You could simply mark the side of your pool to the same effect, but using a bucket allows you to remove many of the outside factors mentioned above, and get the most accurate reading on evaporation alone.

Is It Evaporation Or A Leak?

It’s not uncommon to attribute water loss to evaporation when, in fact, your pool water is seeping out from your pool shell or plumbing due to a leak.

If you’re losing more pool water than expected on a daily or weekly basis, or if you notice a considerable drop in cyanuric acid (which never drops), it’s worth investigating to see if you have a leak.

This is another reason we recommend The Bucket Method.

If, after performing the test, the water level on the inside of the bucket is noticeably higher than on the outside, you probably do have a leak.

How To Find The Leak

If you’re confident you have a leaky pool, the next step is to figure out exactly which part of the pool has been breached.

First, you’ll want to repeat The Bucket Test with your pool pump off.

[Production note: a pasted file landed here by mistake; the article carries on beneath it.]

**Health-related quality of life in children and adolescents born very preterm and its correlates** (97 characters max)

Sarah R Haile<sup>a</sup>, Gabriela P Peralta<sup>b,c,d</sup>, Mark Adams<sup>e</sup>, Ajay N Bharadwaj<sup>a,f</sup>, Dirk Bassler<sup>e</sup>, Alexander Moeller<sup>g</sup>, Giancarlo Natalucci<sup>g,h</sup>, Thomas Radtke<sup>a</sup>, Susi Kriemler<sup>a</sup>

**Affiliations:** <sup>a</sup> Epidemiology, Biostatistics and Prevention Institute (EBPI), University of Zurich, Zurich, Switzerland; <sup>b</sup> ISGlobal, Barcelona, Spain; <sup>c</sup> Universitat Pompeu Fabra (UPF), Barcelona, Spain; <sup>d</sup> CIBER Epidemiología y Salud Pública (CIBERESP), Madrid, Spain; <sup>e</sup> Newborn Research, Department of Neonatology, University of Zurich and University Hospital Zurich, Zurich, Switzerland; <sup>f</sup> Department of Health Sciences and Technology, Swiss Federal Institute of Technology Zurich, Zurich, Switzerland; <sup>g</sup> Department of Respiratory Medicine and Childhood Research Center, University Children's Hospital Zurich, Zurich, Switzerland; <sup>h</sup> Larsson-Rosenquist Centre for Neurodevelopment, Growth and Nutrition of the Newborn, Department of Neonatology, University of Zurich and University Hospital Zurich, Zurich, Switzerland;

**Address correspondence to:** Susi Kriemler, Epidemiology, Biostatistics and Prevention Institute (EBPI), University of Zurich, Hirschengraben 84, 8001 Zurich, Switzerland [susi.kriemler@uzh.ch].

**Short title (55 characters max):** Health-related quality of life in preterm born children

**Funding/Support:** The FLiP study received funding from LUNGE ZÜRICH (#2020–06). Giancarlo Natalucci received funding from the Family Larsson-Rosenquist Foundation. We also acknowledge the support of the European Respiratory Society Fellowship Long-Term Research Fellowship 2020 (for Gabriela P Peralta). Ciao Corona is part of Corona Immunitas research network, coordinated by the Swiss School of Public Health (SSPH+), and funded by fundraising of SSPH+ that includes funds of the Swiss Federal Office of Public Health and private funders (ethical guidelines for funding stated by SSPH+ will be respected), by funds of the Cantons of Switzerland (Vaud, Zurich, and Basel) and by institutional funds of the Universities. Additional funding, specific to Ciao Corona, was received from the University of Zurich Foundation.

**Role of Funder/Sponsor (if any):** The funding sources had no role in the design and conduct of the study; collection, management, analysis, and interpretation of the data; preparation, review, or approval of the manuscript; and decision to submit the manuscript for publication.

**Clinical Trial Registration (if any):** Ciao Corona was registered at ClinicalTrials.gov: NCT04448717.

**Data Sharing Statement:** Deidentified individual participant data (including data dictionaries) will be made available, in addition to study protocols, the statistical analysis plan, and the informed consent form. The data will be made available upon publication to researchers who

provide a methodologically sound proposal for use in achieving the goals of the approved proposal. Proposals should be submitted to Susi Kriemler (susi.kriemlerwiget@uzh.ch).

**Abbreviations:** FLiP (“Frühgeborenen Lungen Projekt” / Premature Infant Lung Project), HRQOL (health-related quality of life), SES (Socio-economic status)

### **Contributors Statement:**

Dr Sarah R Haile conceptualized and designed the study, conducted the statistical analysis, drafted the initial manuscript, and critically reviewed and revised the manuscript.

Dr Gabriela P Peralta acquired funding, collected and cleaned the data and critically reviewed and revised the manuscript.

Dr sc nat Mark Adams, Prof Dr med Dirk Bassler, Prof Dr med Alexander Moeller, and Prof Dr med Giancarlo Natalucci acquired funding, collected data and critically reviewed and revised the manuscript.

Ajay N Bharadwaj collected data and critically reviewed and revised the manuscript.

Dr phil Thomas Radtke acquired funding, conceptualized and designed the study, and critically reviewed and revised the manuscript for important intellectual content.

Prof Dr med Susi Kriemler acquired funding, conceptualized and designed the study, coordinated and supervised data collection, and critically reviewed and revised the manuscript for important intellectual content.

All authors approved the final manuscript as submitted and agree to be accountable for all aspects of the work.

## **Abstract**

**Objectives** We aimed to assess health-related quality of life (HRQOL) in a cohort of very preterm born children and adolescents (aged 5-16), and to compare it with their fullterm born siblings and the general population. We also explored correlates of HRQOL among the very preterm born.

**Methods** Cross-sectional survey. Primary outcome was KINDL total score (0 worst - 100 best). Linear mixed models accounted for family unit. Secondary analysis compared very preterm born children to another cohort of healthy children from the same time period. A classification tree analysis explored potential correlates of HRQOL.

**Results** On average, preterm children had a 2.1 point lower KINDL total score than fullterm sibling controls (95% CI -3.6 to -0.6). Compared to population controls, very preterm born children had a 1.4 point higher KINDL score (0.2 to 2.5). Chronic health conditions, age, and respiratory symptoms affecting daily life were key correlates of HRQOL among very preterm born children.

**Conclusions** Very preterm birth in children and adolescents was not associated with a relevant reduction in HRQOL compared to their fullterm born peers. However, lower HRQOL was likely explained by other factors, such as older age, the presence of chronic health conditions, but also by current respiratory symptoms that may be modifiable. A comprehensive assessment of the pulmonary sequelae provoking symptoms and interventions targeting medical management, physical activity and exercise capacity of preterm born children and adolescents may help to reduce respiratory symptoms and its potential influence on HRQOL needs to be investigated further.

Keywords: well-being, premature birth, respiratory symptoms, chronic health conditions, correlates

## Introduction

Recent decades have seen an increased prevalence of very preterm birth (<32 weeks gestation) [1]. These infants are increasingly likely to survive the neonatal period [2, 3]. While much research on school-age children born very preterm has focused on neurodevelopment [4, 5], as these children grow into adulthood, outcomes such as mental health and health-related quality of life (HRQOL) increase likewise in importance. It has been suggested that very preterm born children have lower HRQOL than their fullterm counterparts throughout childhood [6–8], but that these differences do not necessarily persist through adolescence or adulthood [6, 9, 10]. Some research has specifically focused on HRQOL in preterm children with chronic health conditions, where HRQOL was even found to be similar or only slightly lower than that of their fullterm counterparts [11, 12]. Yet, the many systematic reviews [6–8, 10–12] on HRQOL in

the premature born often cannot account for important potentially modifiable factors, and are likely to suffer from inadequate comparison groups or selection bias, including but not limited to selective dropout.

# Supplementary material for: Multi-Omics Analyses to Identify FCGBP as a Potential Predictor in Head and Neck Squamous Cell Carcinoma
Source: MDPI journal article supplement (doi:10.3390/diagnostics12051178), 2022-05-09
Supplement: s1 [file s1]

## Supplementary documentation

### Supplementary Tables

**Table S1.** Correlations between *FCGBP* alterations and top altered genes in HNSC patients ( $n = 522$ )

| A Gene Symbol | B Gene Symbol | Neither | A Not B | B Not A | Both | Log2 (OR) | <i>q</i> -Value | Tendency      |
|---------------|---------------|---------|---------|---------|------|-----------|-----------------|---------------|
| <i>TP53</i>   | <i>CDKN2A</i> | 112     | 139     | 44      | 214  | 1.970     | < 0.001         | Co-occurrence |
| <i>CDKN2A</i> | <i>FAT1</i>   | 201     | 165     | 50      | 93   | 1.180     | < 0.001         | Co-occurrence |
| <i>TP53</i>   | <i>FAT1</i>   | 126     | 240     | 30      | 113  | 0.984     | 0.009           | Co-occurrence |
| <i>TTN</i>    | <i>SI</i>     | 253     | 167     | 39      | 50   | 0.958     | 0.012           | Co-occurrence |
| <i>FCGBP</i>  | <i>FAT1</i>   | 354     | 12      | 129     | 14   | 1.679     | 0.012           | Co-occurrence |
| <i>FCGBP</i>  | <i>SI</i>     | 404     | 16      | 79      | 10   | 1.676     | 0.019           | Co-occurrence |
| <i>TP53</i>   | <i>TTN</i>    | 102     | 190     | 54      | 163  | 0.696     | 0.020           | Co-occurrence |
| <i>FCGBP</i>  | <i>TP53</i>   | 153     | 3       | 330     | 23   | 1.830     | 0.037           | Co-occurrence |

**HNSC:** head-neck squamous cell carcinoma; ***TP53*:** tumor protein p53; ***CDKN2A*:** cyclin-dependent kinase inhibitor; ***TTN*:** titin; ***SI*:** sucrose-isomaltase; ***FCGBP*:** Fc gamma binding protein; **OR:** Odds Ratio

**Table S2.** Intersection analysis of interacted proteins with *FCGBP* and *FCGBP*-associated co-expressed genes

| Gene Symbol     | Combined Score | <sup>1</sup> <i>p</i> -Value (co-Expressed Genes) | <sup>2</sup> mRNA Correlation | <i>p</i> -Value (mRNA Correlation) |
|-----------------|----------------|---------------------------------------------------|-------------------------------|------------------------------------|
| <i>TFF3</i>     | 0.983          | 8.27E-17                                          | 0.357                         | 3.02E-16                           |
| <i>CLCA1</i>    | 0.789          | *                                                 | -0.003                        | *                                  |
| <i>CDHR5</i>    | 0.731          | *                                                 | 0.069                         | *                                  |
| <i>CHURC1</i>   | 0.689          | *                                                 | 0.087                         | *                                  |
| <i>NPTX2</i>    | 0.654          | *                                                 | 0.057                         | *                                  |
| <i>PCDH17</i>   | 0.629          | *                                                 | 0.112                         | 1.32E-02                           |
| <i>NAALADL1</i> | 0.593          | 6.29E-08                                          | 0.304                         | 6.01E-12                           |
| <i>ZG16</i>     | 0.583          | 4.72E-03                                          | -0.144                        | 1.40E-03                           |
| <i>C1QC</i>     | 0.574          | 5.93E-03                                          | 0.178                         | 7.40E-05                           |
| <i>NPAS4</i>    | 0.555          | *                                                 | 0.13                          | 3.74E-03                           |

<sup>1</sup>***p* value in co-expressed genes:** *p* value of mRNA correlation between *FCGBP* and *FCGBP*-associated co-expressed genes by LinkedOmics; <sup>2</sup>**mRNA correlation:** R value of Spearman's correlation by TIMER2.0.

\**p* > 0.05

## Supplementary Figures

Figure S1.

• If you lose more water when the pump is off, the leak will likely be found in the return lines.
  • If you lose less water when the pump is off, the leak will likely be found in the skimmer and main drain.
  • If you lose the same amount of water when the pump is off, the leak will likely be found in the shell, pool liner or fittings.

Now that you have a general sense of where the leak is, the next step is to pinpoint exactly where it is in your pool.

The best way to do that is using colored dye.

  1. Submerge yourself in the pool with a bottle of dye
  2. Slowly release a small amount of liquid near the suspect areas of your pool
  3. Keep going until the dye gets sucked into a particular point
  4. When it does, you’ve found your leak!